On using Python to solve Time Independent Schrodinger Equation, the eigenfunctions have their values "pushed" to one of the boundaries?

I am having trouble using numerical methods to solve Time Independent Schrodinger Equation. I am considering a quartic potential function: $$V(x) = x^4 -4x^2.$$ $$-\frac{d^2\psi(x)}{dx^2} + V(x) \psi(x) = E \psi(x)$$

I wish to get a few solutions of the eigenproblem (about 150).

Here is the code I have written:

import numpy as np
import matplotlib.pyplot as plt

def solveTISE(xmin,xmax,h,potFunc,params):
xvec = np.arange(xmin,xmax,h)
Nx = len(xvec)
potFunctVec = potFunc(xvec,params)
mat = -((np.tri(Nx,Nx,1)-np.tri(Nx,Nx,-2)-3.*np.eye(Nx))/h**2-np.diag(potFunctVec))
print(mat)
eigenValues,eigenVectors = np.linalg.eig(mat)
idx = eigenValues.argsort()[::1]
eigenValues = eigenValues[idx]
eigenVectors = eigenVectors[:,idx]
return eigenValues,eigenVectors,xvec

def doubleWell(x,params):
return np.piecewise(x, [x < 0, x >= 0], [lambda x : params[2]*(x**4 - params[0]*x**2), lambda x :  params[3]*(x**4 - params[1]*x**2)] )

betaValue = 0.01;
hValue = 0.01;
eigEnergy1i, eigFunc1i, xvec1i = solveTISE(-10,10,hValue,doubleWell,[4,4,1,1]);

plt.plot(xvec1i,eigFunc1i[0]);
plt.show()
plt.plot(xvec1i,eigFunc1i[1]);
plt.show()


However, I get the following output:

When I changed the limits of x to : -20 and 20, the resulting wavefunction (the 0th index one/lowest energy state) looked like this:

I don't know why the wavefunction is being "pushed" to the right boundary.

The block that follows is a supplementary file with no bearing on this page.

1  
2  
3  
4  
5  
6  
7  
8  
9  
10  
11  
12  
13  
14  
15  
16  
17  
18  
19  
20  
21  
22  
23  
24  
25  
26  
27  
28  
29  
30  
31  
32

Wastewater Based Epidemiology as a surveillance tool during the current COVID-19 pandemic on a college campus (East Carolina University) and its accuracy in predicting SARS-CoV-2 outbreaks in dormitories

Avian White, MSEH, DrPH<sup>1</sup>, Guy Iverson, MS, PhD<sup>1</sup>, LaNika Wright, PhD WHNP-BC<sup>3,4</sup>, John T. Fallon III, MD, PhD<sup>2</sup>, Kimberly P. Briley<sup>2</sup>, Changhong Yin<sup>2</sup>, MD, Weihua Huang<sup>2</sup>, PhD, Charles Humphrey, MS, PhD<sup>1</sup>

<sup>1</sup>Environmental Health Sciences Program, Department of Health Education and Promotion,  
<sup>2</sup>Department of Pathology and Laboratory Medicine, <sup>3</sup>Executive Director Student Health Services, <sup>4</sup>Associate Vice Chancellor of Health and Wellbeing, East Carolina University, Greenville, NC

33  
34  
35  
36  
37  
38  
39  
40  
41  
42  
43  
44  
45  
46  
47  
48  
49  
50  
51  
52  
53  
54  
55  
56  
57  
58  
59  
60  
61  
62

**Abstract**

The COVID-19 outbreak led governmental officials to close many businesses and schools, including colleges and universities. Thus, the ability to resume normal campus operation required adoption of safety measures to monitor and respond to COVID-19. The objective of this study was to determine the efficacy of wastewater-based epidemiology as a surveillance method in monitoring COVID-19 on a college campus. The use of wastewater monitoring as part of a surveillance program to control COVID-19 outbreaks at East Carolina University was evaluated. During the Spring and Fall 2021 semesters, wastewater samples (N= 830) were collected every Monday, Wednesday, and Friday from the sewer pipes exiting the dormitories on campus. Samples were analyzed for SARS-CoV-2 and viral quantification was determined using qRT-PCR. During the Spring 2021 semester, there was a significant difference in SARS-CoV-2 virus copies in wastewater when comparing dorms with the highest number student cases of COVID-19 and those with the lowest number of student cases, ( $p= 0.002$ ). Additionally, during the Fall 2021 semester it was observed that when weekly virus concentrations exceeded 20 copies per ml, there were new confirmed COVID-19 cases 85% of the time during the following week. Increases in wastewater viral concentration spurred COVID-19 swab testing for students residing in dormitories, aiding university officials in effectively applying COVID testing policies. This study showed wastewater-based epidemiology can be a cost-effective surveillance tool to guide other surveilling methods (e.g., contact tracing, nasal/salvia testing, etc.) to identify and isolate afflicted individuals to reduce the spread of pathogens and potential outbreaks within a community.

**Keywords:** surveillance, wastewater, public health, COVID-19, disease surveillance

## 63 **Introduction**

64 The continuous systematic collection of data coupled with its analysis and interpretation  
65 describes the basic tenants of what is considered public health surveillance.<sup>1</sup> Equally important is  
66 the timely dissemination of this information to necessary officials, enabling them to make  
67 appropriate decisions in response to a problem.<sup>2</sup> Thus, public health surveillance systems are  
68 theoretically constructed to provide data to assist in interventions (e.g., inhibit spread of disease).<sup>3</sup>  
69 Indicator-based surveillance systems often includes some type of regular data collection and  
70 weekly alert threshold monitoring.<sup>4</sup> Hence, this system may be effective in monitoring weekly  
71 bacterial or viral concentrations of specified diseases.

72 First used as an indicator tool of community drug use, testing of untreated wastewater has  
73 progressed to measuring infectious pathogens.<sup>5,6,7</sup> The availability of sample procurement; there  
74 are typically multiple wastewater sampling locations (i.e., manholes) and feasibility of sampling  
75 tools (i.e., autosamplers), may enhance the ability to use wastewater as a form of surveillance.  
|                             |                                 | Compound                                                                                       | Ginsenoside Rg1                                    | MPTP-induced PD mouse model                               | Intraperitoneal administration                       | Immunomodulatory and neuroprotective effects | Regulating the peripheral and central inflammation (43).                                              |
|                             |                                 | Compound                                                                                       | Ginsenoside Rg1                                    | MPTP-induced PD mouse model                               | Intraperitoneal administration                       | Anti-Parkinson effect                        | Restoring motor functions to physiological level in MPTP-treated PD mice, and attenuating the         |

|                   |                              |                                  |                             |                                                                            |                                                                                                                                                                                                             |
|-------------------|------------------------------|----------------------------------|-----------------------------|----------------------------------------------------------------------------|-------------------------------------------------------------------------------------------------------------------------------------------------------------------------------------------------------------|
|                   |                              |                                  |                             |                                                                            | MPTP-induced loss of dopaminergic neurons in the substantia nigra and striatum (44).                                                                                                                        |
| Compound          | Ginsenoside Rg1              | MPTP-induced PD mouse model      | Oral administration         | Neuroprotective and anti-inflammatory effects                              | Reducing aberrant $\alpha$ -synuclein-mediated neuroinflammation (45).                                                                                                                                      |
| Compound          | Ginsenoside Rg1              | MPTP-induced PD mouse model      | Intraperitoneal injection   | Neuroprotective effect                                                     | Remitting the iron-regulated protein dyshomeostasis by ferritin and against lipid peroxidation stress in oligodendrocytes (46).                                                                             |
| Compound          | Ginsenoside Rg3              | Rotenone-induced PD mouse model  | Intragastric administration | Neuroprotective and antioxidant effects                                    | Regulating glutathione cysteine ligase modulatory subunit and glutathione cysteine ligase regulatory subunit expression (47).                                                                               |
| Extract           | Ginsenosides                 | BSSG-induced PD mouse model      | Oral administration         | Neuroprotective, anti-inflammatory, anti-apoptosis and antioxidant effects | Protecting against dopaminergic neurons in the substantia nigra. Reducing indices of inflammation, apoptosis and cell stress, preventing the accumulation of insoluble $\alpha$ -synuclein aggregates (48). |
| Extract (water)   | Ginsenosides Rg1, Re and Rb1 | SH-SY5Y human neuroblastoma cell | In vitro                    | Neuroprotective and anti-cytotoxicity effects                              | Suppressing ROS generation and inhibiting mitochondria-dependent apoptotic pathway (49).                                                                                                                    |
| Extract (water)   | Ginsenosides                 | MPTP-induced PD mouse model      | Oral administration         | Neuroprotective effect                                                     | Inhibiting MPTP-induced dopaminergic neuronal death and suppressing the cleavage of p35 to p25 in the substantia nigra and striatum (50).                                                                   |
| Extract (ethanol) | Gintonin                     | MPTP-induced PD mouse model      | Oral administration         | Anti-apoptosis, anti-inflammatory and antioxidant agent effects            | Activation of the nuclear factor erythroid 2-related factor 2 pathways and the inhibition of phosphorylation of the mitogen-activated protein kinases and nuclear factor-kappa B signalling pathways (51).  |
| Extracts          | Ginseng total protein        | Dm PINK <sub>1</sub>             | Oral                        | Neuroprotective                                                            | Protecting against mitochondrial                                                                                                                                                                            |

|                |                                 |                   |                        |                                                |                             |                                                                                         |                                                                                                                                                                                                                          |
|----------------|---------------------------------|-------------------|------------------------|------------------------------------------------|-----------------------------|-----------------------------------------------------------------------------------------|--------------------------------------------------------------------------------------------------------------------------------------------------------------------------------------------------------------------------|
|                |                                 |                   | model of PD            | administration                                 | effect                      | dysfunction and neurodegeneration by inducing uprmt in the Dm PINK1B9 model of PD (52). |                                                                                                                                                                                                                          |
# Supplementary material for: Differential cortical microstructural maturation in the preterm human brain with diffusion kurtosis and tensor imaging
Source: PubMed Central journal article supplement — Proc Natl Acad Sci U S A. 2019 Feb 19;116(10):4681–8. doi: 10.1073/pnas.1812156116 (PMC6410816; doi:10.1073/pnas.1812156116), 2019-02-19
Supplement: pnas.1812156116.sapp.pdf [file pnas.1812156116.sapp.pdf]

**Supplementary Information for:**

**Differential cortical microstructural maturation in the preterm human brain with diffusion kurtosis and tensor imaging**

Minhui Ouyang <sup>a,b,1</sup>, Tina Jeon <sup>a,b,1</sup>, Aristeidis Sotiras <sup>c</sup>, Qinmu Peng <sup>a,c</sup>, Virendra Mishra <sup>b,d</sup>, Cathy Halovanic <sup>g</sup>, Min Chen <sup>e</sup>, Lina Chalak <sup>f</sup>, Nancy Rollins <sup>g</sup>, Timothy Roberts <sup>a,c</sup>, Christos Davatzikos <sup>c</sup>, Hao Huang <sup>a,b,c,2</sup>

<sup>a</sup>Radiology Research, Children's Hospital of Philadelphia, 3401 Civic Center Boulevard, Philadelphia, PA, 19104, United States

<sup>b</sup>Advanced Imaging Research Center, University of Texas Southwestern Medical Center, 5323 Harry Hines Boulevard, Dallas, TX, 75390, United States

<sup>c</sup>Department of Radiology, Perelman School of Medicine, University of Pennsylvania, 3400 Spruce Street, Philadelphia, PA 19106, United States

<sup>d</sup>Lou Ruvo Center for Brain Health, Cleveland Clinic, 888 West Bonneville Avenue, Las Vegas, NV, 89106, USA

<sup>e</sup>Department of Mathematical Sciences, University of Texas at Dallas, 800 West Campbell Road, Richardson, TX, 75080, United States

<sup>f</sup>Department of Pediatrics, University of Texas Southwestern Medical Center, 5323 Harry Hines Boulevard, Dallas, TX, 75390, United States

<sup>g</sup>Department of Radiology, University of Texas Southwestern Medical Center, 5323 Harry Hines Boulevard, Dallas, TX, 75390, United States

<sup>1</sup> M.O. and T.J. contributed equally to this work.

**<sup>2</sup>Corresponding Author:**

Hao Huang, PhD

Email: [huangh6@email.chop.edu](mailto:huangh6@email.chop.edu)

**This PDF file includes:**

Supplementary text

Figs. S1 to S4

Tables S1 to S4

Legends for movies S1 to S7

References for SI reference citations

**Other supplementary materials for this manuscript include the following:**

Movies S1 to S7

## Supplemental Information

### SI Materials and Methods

• Hi, can you provide a little more info? Define "TISE" so we know what problem you're attacking. How did you get data for [-60, +60] if your input was [-20,+20] ? By the way, since your potential function is quadratic in $x^2$ you may be able to simplify your work. May 21, 2021 at 12:14
• I'd recommend testing code first with problems where you know the solution analytically to test it. For example a simple harmonic potential. Does your script work there ? May 21, 2021 at 13:06
• Hi @CarlWitthoft! Thanks for the remarks. I have edited the questions to add the correct image and stated that TISE is the time-independent Schrodinger equation. May 21, 2021 at 13:07
• Hi @HansWurst! I did test the code for Infinite Potential Well and worked fine for it. However, the code had the same issues for harmonic potential. May 21, 2021 at 13:08
• Please note that generally, if you want help with your code, the code should be complete: i.e. runnable without second-guessing what is missing. This time I've completed your code in my edit. May 21, 2021 at 13:59

Your script looks fine on first glance. Your problem is that your eigenfunctions are the columns of your eigFunc1 Matrix and not the rows. Use this to plot them.

plt.plot(xvec1i,eigFunc1i[:,n]);


where n is the integer of the corresponding eigenfunction. I.e. to plot the groundstate use

plt.plot(xvec1i,eigFunc1i[:,0]);


Also note that some_array[::1] doesn't change the array, as you you are stepping over all values with a step size of 1.

EDIT:

Due to popular demand a small plot of the first eigenvectors n=0 and n=1 at the height of their eigenvalue as baseline which can be read off at the left hand y-axis.

The figure was created with

fig, ax = plt.subplots()